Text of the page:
Best Free Checking Account & High Yield Checking Account: Capital One

Although a household name, not everyone throughout the U.S. can benefit from Capital One branches in their state. Texas residents, however, have access to over 100 Capital One locations, including Capital One cafes. This means Texans can visit a Capital One Cafe to open an account, make deposits and more while enjoying a freshly made latte. Plus with its Kids Savings and MONEY teen checking account, Capital One opens its benefits to youngsters.

The Capital One 360 suite offers some of the best bank accounts in the industry. For starters, the Capital One 360 Checking® account is one of the best free checking accounts. It doesn’t charge a monthly maintenance fee, nor is there a minimum balance requirement. This means you can use the account as you please without worrying about recurring charges.

Plus, the account earns interest at competitive rates, further boosting your savings. The rate at which your money will grow depends on your account balance. Lower balances earn at a 0.20% APY, mid-tier balances earn at a 0.75% APY and the highest balances (think over $100,000) can snag a 1.00% APY. Even the Capital One MONEY checking account, tailored for teenage users, earns at a decent rate of 0.25%.

Best Savings Account: Capital One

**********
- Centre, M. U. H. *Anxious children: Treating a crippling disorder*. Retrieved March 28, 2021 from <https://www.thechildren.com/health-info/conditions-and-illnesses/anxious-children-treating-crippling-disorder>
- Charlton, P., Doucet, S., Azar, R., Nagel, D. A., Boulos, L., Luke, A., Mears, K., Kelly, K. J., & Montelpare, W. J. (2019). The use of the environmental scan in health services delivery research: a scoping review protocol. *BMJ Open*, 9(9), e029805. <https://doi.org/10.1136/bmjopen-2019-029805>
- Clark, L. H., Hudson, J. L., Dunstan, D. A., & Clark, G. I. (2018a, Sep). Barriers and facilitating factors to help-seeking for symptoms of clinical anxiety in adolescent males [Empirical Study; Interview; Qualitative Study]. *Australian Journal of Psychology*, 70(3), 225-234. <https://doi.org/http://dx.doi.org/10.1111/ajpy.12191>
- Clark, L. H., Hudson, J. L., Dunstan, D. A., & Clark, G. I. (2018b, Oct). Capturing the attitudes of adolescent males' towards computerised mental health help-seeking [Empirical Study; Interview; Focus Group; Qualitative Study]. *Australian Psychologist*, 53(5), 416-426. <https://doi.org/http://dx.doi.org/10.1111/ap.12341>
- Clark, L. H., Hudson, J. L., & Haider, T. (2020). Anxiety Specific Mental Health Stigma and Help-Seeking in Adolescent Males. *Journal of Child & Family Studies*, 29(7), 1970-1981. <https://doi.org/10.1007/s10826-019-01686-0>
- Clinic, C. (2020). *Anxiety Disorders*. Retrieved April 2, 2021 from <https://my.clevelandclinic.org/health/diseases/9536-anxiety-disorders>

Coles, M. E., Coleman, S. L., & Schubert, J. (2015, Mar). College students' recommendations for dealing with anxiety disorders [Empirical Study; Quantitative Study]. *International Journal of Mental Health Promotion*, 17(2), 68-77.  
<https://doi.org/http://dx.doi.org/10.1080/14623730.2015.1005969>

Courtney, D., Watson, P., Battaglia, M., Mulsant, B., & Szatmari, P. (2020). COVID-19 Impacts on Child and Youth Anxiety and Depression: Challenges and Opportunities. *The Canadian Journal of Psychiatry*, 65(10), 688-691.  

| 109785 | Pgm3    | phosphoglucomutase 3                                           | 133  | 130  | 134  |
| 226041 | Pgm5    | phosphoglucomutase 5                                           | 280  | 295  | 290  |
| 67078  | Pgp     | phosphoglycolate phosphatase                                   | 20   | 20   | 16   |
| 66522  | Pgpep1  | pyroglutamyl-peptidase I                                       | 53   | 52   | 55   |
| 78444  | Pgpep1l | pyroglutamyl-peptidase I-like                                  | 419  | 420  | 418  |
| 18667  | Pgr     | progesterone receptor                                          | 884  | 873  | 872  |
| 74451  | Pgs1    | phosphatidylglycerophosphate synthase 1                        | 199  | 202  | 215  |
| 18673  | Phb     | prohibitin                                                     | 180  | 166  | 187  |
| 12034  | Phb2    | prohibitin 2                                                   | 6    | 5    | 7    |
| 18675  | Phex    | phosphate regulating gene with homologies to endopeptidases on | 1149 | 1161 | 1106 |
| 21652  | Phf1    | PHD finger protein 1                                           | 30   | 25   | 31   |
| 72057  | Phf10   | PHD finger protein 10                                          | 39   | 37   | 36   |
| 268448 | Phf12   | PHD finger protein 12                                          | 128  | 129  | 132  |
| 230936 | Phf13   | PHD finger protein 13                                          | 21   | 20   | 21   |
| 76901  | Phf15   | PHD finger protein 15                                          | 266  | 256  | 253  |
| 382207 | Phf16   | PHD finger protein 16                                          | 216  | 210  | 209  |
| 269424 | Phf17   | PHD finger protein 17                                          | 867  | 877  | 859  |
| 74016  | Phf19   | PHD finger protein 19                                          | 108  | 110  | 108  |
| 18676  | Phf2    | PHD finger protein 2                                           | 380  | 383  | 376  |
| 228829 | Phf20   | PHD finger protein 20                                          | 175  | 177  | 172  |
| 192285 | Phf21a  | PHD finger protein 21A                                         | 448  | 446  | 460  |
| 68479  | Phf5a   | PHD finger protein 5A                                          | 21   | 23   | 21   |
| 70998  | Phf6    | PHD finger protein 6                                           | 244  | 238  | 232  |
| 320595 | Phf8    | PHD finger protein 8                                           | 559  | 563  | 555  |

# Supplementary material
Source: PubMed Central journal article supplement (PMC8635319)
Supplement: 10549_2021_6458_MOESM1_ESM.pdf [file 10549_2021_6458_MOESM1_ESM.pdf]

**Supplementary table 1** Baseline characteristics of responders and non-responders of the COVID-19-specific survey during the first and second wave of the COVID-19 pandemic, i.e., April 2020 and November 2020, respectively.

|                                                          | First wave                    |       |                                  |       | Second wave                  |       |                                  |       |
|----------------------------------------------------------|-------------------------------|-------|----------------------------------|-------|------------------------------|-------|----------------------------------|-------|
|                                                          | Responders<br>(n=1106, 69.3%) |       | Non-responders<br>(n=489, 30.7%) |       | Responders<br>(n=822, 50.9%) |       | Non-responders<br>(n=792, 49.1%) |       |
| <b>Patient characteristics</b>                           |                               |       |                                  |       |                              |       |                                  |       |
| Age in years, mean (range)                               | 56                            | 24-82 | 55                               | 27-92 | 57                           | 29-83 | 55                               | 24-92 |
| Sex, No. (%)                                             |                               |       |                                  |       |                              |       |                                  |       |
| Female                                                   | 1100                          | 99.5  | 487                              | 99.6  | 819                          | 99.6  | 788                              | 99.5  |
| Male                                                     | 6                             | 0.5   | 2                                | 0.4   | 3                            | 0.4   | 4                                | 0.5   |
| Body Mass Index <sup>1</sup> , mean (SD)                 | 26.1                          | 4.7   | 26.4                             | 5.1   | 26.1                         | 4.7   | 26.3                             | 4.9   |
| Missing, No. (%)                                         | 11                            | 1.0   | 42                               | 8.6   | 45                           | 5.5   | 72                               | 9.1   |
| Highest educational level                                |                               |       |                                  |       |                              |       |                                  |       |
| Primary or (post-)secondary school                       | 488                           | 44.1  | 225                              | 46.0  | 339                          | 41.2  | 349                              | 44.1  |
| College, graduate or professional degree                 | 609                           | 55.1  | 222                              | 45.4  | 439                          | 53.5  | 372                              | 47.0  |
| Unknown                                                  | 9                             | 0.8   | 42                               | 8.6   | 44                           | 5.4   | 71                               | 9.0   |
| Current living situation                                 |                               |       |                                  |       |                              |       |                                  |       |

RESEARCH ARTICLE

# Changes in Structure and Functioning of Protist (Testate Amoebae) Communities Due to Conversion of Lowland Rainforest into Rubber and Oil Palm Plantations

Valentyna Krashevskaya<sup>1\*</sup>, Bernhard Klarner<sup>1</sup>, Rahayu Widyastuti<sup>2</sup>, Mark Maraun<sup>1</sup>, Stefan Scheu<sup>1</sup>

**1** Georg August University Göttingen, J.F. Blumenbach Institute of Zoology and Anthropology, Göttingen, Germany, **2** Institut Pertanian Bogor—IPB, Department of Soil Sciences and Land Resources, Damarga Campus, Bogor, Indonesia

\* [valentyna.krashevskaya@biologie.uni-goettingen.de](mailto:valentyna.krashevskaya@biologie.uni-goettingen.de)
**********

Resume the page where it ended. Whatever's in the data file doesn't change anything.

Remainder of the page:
Capital One 360 savings accounts also offer the same great benefits with competitive rates, no monthly fees and no balance minimums to meet. You can open a standard 360 Savings® or Kids Savings Account to earn at a 1.00% APY. If you have over $10,000 to deposit, you can take advantage of the Capital One 360 Money Market® account balance tiers to earn at higher rates. Finally, for a more strict take on savings accounts, you have access to nine different CD terms from six to 60 months, each with a competitive interest rate. 

Best for Students: Chase Bank

When it’s time to go to college, the least of your worries should be where to find an ATM. Banking with a big bank like Chase takes care of that for you, with thousands of accessible branches and ATMs throughout the country. This especially helps students attending school out of state since it can be hard to find local bank branches elsewhere. 

College students can benefit from the Chase College Checking account, which is meant for college students 17 to 24 years old with proof of student status. There is a small monthly fee of $6, although you can waive this fee for five years while in college, with a direct deposit each statement cycle or with an average daily balance of at least $5,000.